Saturday, 19 October 2019

Politicisation and legalisation of manners

Manners are about not making other people feel uncomfortable. The rules of manners are voluntary and negotiated -- maybe you want to make someone feel uncomfortable. Sometimes it might be impossible to avoid making one person uncomfortable without making another person uncomfortable.

There is a trend in political correctness aim to replace voluntary manners with power.

A transexual might make the novel claim that it is bad manners to call a male-to-female transexual "he". Someone who disagrees may refuse. Both parties are free to disassociate from the other. (What if they are not free to disassociate, for example colleagues? Whose rule of manners should be followed? The socially normal one, of course, whichever that is.)

What if someone claims it is bad manners not to remember to use her bizarre pronouns (per, em, xyr, vis)? Clearly this is not reasonable disagreement, but an attempt to impose claims about manners as an exercise of power. The sole purpose of the novel claim about manners is to exercise power.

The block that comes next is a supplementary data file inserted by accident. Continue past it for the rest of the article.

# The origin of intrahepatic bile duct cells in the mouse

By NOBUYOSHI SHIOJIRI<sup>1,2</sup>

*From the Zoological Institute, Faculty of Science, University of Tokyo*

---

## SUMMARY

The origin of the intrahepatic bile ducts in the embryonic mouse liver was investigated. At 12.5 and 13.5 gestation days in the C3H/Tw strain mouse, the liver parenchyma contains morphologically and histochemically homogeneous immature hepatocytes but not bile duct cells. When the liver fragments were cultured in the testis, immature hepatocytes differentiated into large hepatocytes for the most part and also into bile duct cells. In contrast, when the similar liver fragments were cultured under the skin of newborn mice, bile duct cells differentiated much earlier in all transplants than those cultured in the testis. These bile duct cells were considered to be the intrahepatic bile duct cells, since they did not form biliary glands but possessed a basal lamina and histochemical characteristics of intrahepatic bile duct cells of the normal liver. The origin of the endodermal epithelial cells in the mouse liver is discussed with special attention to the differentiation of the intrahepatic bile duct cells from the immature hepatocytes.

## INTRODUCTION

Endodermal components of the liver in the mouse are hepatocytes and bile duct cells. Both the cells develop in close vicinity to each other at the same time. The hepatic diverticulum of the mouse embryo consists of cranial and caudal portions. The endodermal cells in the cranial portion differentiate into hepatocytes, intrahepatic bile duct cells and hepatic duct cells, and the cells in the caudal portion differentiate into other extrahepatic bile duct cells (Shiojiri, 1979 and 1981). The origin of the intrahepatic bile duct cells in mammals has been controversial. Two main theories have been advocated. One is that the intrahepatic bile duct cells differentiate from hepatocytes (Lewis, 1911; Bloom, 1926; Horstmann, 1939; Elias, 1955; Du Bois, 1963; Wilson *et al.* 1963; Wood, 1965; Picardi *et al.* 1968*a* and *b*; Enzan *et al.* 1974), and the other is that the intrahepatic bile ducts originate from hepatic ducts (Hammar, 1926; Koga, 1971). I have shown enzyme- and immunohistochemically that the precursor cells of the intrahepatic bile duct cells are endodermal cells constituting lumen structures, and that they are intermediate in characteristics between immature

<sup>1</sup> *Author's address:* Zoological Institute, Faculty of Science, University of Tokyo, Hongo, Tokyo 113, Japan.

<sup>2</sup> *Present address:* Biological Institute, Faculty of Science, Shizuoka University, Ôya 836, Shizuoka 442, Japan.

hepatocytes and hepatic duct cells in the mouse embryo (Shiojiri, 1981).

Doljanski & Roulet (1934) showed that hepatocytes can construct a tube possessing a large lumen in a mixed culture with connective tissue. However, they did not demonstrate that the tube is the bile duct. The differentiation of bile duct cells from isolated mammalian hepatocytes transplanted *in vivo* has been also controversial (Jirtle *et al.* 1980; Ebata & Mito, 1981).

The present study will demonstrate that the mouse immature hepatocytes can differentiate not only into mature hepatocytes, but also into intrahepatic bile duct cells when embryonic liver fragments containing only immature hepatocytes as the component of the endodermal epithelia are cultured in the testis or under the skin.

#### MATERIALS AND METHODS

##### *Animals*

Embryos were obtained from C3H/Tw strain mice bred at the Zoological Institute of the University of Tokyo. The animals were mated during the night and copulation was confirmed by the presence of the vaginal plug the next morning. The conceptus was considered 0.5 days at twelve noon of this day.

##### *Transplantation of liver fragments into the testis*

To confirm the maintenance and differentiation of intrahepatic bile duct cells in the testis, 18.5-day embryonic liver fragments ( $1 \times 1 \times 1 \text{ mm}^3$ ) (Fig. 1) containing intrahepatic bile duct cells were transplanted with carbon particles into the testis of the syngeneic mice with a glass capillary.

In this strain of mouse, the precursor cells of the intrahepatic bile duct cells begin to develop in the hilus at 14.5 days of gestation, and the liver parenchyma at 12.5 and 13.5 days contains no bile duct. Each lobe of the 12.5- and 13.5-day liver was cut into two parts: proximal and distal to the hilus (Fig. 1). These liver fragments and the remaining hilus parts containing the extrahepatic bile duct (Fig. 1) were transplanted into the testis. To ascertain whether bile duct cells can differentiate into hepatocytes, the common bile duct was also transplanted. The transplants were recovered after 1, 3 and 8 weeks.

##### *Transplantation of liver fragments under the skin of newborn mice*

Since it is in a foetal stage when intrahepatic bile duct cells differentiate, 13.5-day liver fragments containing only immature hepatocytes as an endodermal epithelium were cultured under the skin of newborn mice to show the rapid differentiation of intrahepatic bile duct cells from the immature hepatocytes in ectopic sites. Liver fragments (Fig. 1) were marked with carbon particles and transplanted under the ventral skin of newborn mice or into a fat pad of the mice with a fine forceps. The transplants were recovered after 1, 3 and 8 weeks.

One could publicly campaign to try to make one's novel claim about manners considered the default, correct choice, in a dispute between colleagues mediated by a Human Resources department. This is the politicisation of manners.

One strategy is to enlist the power of the law: to make it illegal not to obey bizarre whims about pronouns. This is the legalisation of manners: to make what was previously the voluntarily negotiated norms of human interaction, a matter for the law.

It is good manners to refer to a male-to-female transexual as "she", even though "she" is not really a woman. Good manners does not require "she" should be allowed to compete in female sporting events.

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